Theater

This Tech-y ‘Oz’ Is a Show of Too Many Colors

by

The Wizard of Oz, a performer tells us partway through the Builders Association’s latest piece, has always attracted innovation, starting with the 1939 film, when a new technology called Technicolor tinted L. Frank Baum’s fantasyland deep shades of yellow, red, and green. So it’s fitting that the venerable multimedia ensemble uses the classic as inspiration for a new digital concoction, Elements of Oz, directed by Marianne Weems and now playing at 3LD. The group has experimented with technology in performance for decades, and here they assemble a delightful primer on an iconic tale. But its wealth of alluring images and intriguing moments fail to get us over the rainbow — or much of anywhere at all.

This Oz begins in the 3LD lobby, where guests are instructed to log on to a designated wireless network (“Surrender Dorothy”) and download an “Oz” app, which becomes our companion during the show. The story unfolds on a film set of sorts, with a trio of performers (Moe Angelos, Sean Donovan, and Hannah Heller) assembling and shooting makeshift reconstructions of scenes from the MGM classic.

Our phones, manipulated by the company to behave of their own accord, augment the performance. We view our surroundings through a filter dubbed “Oz Vision,” which renders everything sepia-toned and rainy. The performance roughly tracks Dorothy’s progress toward the Emerald City, while other Oz-effects emanate from our personal devices: A CGI cyclone lands somewhere among the audience risers; our phones emit a chorus of high-pitched munchkin laughter when Glinda the Good Witch appears; as Dorothy and her companions succumb to the poppy fields, carpets of crimson flowers appear suddenly on our screens.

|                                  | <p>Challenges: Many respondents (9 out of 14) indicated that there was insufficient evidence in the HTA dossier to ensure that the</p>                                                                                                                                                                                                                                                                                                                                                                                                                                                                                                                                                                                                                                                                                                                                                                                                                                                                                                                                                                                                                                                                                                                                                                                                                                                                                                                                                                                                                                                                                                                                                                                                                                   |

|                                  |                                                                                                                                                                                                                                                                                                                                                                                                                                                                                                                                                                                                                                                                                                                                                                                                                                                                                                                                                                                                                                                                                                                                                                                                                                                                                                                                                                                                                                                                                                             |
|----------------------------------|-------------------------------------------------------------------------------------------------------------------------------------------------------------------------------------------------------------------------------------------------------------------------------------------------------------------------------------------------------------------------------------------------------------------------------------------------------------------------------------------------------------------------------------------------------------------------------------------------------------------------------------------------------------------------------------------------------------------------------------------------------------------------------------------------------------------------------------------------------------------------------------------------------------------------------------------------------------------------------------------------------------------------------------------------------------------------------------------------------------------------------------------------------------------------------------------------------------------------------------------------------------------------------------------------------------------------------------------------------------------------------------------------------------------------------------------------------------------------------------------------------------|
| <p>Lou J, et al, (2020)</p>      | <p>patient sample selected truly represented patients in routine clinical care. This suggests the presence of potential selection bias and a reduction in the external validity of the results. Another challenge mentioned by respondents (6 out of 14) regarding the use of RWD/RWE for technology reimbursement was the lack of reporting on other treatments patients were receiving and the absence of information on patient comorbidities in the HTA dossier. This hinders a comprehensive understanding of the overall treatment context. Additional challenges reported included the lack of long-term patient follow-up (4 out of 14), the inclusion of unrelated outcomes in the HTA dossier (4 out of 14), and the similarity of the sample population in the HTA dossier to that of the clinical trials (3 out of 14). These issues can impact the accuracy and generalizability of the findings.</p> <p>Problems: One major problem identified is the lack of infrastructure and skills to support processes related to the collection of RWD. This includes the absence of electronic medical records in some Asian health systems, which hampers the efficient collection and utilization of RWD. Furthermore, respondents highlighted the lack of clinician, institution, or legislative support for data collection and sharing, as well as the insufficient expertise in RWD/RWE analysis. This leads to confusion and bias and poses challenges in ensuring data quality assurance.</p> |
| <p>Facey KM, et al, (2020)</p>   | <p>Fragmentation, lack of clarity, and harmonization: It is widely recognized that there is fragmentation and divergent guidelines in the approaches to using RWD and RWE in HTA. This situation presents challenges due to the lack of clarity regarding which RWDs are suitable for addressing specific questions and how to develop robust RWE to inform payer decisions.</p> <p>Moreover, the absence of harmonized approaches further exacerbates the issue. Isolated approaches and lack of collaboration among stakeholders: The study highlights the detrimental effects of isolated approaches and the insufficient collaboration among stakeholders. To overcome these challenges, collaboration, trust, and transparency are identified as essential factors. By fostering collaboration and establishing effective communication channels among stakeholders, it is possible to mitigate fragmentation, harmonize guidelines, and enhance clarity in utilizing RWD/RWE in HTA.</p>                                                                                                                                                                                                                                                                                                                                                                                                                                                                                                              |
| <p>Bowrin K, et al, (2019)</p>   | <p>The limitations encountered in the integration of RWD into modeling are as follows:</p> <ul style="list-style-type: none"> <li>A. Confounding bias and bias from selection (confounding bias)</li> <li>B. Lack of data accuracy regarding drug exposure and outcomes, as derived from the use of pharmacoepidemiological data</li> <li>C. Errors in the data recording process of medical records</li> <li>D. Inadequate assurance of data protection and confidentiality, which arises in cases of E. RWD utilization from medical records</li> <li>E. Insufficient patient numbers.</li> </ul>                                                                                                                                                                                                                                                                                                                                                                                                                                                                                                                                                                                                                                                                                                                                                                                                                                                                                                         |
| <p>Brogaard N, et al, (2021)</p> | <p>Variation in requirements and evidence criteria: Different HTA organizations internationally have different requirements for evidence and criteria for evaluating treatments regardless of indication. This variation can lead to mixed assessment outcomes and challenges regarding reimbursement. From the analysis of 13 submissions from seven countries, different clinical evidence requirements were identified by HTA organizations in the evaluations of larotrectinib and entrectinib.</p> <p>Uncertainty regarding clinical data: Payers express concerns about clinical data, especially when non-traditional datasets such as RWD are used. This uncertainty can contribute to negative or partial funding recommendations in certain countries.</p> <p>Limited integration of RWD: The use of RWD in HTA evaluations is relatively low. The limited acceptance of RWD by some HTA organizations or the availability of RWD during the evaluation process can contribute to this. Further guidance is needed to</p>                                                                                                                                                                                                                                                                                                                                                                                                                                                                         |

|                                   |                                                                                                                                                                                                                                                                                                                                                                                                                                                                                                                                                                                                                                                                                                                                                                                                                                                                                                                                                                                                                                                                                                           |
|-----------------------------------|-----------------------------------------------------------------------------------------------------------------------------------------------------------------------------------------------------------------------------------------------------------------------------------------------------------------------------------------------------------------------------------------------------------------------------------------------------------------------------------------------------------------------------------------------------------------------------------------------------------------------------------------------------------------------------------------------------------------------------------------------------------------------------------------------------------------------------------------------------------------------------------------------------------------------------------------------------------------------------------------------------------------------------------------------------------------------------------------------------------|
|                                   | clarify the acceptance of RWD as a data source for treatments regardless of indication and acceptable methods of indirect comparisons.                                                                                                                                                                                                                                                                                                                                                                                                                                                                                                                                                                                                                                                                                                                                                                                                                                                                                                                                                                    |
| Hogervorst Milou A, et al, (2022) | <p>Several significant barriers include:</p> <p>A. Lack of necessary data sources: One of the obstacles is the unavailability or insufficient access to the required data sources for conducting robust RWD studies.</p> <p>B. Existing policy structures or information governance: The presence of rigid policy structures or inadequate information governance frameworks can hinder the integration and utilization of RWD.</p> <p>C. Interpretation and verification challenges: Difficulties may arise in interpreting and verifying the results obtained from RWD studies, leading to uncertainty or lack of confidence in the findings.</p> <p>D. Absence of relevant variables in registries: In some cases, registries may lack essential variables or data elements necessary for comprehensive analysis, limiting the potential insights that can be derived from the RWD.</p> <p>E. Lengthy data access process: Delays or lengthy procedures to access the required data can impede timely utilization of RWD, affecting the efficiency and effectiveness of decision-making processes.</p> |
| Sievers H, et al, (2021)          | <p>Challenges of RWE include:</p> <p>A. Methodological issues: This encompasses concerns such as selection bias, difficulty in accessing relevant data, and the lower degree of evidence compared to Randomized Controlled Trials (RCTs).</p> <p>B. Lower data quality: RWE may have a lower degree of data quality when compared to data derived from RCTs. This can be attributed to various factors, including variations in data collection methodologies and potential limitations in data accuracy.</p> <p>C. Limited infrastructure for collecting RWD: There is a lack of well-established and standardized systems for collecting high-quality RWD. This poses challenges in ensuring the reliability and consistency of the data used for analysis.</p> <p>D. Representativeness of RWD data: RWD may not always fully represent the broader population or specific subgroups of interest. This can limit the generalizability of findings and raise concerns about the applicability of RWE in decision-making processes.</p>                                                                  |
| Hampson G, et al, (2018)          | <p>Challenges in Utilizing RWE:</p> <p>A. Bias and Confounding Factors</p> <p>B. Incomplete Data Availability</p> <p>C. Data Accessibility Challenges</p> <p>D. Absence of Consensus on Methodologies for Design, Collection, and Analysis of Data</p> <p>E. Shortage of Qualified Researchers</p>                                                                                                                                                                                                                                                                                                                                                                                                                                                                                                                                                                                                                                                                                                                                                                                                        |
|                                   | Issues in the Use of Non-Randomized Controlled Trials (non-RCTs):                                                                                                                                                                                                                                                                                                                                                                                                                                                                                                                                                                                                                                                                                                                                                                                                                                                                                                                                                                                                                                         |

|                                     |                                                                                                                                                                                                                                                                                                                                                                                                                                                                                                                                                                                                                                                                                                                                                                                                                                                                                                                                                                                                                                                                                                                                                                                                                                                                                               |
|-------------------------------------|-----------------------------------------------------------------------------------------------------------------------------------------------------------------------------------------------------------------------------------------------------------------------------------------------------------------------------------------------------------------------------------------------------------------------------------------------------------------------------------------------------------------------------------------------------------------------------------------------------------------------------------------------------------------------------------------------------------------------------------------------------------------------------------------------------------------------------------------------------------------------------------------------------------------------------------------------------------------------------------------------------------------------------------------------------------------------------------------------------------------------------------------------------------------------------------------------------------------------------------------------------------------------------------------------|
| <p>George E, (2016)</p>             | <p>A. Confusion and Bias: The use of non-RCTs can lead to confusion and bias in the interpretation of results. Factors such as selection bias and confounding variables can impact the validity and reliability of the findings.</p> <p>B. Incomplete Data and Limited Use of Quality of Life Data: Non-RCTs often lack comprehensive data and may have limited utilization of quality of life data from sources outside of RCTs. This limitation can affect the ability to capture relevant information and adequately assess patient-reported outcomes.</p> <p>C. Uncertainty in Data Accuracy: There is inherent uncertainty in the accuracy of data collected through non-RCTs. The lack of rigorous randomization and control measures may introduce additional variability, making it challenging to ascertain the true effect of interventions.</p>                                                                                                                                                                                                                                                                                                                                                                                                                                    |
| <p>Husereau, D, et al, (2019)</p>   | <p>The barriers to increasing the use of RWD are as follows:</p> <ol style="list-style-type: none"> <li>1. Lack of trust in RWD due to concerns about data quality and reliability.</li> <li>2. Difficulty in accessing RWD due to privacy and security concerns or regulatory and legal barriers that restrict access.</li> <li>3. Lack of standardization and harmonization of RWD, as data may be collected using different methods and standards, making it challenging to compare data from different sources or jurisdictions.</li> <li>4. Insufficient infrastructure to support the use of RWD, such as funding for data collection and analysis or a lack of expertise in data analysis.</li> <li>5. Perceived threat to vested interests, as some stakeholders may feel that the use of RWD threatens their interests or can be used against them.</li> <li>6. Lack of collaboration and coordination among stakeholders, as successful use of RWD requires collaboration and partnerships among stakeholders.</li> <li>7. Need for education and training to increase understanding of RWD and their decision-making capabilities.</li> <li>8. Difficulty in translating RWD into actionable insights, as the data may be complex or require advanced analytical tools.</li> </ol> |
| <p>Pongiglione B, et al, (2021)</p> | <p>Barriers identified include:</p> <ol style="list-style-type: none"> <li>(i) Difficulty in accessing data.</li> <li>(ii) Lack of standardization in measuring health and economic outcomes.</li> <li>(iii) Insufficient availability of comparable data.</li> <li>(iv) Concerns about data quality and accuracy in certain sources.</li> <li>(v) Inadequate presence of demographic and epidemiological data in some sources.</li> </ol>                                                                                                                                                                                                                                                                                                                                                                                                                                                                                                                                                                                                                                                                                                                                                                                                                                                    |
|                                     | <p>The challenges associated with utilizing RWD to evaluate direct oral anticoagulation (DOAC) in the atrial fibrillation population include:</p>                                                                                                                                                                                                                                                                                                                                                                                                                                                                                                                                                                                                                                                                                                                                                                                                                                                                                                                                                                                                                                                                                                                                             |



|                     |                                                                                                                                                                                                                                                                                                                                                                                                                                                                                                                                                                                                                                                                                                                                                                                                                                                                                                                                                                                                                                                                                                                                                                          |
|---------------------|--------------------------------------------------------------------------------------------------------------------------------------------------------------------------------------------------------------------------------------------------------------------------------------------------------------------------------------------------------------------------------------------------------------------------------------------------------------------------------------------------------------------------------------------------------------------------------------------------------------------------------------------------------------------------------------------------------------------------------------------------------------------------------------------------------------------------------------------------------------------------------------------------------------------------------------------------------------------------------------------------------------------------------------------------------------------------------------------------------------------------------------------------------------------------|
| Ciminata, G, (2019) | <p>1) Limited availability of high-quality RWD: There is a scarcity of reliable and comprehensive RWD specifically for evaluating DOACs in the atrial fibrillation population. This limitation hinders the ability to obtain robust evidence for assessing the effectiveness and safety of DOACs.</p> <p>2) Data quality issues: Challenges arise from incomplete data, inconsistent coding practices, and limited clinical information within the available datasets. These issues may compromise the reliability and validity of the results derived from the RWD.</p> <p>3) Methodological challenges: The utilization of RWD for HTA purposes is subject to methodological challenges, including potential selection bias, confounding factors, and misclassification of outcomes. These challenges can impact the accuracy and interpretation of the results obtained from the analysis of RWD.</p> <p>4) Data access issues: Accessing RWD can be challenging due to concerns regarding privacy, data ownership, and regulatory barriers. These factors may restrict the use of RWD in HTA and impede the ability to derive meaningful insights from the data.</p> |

This digital wizardry could have propelled a striking performance, since even before Technicolor, Baum’s imaginary kingdom was also a filter placed over the real world — less a place and more a way of seeing things. Instead, the company spends its energy assembling information: historical context, allegorical interpretations, film-set trivia. We learn that Baum’s book has been variously interpreted as an allegory about capitalism or parable of queerness (in which Dorothy, escaping restrictive and dull Kansas, assembles a new, chosen family in glitzy, fashion-forward Oz). We hear excerpts from Salman Rushdie’s 1992 book proposing Oz as a story about immigration.

What’s hard to locate, among all the trivia and tech, is a theatrical destination — a reason for the research. As the ensemble flits from anecdote to film shot, passing around a tatty “Dorothy” wig and a stuffed terrier, these enticing tidbits never converge into a central event. The longer you sit, the more you might feel the urge to turn off your phone, head home, and cue up the Technicolor instead.

Elements of Oz

Directed by Marianne Weems

At 3LD

80 Greenwich Street

212-645-0374, thebuildersassociation.org